Most were under the watchful eye and wise mentorship of Wells, who also founded the St. Frances boys basketball program in 1980 and took it to national prominence in his 28 years at the helm.

Karcher started going to Madison Square when he was 7 years old, with football topping the list of his favorite sports. It soon became basketball, and under the tutelage of Wells, he made history. A prized recruit coming into high school, Karcher decided to follow his mentor at St. Frances. From 1993 to 1997, the Panthers reached the Baltimore Catholic League championship game every year, winning the last three.

“I was raised by my grandparents, so Coach was more like a father figure to me. He embraced me,” said Karcher, who enjoyed a standout career at Temple University and then played professionally overseas.

“With Coach, he supports you off the court more than on the court, in my opinion, and the reason I say that is, we always had a lot of talks before and after practices, and they were about life. He always wanted us to stay on the right path, do the right things, and he was always consistent with that. Basketball kind of spoke for itself, but the stuff he taught me off the court has helped me with my life and moving forward with my kids now.”

The support Wells provided reached further than at Madison and St. Frances, as he regularly brought players into his home. His daughter, Keita, saw the hope he instilled. Now, as director of marketing and community engagement for the city, she’s helping others, just like her father.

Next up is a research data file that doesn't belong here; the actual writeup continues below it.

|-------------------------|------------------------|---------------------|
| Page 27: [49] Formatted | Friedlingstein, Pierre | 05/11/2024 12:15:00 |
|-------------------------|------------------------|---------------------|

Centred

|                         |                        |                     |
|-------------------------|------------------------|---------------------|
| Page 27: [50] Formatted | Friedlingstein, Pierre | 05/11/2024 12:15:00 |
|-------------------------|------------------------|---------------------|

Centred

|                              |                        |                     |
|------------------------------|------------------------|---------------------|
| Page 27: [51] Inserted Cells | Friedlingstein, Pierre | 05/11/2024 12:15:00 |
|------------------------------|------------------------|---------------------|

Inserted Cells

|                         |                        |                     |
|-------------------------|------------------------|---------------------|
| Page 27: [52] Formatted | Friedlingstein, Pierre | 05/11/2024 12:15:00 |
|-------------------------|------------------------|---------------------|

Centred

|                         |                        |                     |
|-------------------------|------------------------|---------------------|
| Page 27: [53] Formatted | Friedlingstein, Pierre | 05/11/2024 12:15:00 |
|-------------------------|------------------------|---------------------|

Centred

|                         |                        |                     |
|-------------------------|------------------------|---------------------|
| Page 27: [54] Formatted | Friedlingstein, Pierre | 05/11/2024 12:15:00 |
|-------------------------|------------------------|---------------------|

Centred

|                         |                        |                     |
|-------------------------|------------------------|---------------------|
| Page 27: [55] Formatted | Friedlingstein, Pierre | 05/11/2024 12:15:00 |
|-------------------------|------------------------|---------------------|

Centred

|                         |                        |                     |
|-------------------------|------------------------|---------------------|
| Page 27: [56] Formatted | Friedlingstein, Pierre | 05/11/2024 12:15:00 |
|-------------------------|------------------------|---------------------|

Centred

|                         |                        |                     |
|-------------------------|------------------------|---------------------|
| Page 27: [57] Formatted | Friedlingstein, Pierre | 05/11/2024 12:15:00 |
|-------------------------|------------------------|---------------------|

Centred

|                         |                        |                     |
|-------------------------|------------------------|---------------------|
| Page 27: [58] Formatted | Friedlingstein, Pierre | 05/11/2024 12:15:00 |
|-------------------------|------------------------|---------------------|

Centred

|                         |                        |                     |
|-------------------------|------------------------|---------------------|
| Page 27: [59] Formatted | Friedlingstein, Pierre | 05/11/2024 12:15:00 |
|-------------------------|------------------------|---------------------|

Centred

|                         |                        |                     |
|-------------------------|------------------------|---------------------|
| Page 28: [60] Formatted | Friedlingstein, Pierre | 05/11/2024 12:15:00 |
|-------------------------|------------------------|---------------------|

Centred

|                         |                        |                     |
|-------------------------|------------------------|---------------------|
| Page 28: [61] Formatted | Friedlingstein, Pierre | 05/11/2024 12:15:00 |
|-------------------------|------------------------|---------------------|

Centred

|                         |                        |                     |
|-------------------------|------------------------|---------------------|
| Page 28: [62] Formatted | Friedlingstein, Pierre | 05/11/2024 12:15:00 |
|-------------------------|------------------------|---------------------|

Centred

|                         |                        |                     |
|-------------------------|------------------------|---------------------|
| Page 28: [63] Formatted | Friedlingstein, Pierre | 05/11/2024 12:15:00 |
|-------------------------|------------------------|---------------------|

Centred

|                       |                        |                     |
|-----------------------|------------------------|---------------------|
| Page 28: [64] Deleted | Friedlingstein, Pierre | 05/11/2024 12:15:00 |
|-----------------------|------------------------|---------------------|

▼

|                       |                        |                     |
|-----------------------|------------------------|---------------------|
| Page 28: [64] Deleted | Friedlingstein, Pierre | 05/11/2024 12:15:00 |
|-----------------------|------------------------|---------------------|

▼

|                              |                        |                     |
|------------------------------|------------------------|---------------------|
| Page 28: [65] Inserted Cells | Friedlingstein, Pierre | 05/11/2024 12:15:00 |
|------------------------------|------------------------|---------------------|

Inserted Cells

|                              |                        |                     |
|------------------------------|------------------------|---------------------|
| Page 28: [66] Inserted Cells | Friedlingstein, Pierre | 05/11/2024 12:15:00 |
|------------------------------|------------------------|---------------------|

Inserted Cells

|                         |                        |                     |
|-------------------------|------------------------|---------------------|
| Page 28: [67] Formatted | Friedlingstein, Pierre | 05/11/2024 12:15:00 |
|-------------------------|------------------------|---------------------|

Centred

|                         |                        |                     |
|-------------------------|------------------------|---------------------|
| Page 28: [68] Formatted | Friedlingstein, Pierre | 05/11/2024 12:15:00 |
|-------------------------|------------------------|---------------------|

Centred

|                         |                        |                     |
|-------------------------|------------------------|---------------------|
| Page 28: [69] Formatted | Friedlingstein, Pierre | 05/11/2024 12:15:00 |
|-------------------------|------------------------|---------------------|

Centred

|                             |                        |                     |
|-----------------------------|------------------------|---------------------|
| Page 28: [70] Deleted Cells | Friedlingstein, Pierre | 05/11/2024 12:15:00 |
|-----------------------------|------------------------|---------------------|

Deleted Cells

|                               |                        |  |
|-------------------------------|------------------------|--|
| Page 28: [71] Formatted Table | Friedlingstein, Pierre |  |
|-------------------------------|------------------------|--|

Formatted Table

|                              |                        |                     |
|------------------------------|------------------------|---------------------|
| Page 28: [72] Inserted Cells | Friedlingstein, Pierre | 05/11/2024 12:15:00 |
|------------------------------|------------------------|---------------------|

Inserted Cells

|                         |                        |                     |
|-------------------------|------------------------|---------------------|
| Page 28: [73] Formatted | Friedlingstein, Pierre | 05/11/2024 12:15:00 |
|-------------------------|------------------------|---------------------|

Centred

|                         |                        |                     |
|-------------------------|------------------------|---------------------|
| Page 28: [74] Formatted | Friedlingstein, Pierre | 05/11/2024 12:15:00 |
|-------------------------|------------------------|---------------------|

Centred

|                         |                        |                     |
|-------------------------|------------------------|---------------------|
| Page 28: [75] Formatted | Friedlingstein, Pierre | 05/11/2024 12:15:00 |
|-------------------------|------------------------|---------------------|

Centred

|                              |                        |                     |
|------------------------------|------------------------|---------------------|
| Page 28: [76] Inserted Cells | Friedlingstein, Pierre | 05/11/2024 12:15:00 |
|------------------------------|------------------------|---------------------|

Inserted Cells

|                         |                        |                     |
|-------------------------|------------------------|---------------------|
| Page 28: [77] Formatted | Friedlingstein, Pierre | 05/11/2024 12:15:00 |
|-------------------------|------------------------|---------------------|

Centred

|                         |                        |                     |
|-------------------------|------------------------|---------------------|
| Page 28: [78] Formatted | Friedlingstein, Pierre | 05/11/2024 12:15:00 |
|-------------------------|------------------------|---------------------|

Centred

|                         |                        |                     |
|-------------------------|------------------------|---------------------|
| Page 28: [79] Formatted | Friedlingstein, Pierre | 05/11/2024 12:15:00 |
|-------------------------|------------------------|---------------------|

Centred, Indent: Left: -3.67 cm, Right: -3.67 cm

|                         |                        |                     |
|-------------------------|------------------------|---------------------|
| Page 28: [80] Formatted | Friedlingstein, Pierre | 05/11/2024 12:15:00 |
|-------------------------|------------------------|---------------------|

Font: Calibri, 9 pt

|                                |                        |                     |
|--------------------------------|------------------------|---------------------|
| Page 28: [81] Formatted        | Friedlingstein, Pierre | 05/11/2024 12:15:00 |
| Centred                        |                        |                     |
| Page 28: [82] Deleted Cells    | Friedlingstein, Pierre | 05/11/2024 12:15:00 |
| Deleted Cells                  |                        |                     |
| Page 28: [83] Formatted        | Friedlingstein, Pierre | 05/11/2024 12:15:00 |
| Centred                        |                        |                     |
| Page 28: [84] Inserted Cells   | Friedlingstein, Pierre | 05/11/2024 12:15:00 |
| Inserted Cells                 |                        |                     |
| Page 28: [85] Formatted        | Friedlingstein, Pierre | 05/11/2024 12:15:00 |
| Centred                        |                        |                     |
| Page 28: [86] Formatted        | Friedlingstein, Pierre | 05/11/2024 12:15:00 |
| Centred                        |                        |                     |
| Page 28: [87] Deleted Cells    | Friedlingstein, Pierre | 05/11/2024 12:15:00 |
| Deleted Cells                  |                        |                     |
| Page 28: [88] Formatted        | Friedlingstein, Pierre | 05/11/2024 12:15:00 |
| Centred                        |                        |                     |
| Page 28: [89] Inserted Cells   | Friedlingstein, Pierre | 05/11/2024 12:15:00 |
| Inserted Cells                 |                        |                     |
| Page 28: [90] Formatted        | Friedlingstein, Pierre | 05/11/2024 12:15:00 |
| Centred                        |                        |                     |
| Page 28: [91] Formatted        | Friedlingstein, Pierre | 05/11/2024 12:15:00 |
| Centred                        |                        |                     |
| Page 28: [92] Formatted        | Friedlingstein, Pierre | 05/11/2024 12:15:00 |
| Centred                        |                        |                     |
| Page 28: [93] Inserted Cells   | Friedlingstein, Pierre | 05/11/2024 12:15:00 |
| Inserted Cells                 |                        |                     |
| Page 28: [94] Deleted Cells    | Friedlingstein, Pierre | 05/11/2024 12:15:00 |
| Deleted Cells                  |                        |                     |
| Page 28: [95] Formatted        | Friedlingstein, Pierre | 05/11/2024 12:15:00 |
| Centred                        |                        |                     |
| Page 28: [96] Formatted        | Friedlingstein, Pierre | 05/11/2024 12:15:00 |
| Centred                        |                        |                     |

“To watch him mentor and be a role model for these young men ... they weren’t just going over basketball, he was giving basketball plays of life,” she said. “That was exciting to see. And as I got older and started getting into my own career and profession working with youth, I learned so much of him inspiring me without even knowing it.”

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Sean Mosley, a 2008 St. Frances graduate, knows where he plans to be on July 30. The former Panthers star became a two-year captain at Maryland and played professionally overseas.

Now he’s the founder and president of Mosley Basketball Inc., which offers several activities to provide Maryland youth an opportunity to excel in the classroom, on the basketball court and in life.

“Coach Wells always gave kids an opportunity,” Mosley said. “Having a coach that I could connect with on the basketball level and as a person outside of basketball was huge. He used to drop me off at home sometimes after late practices and we would have conversations about life. So, he’s definitely a leader and inspired a lot of guys to do the right things, and the ones that listened to him, took in the conversations, it paid off for them.

“He’s legendary. Having the street named after him is huge and hopefully all the guys that played under him and all his friends and everybody can make it. I’ll be there for sure.”

St. Frances — where he won more than 500 games, six Baltimore Catholic League tournament titles, two Maryland Interscholastic Athletic Association A Conference crowns and coached the last Baltimore-area team to win the prestigious Alhambra Catholic Invitational Tournament championship — is where Wells received most of his accolades.

But Madison Square Recreation Center laid the groundwork.


“That’s the beginning of all of it for me, Madison,” he said.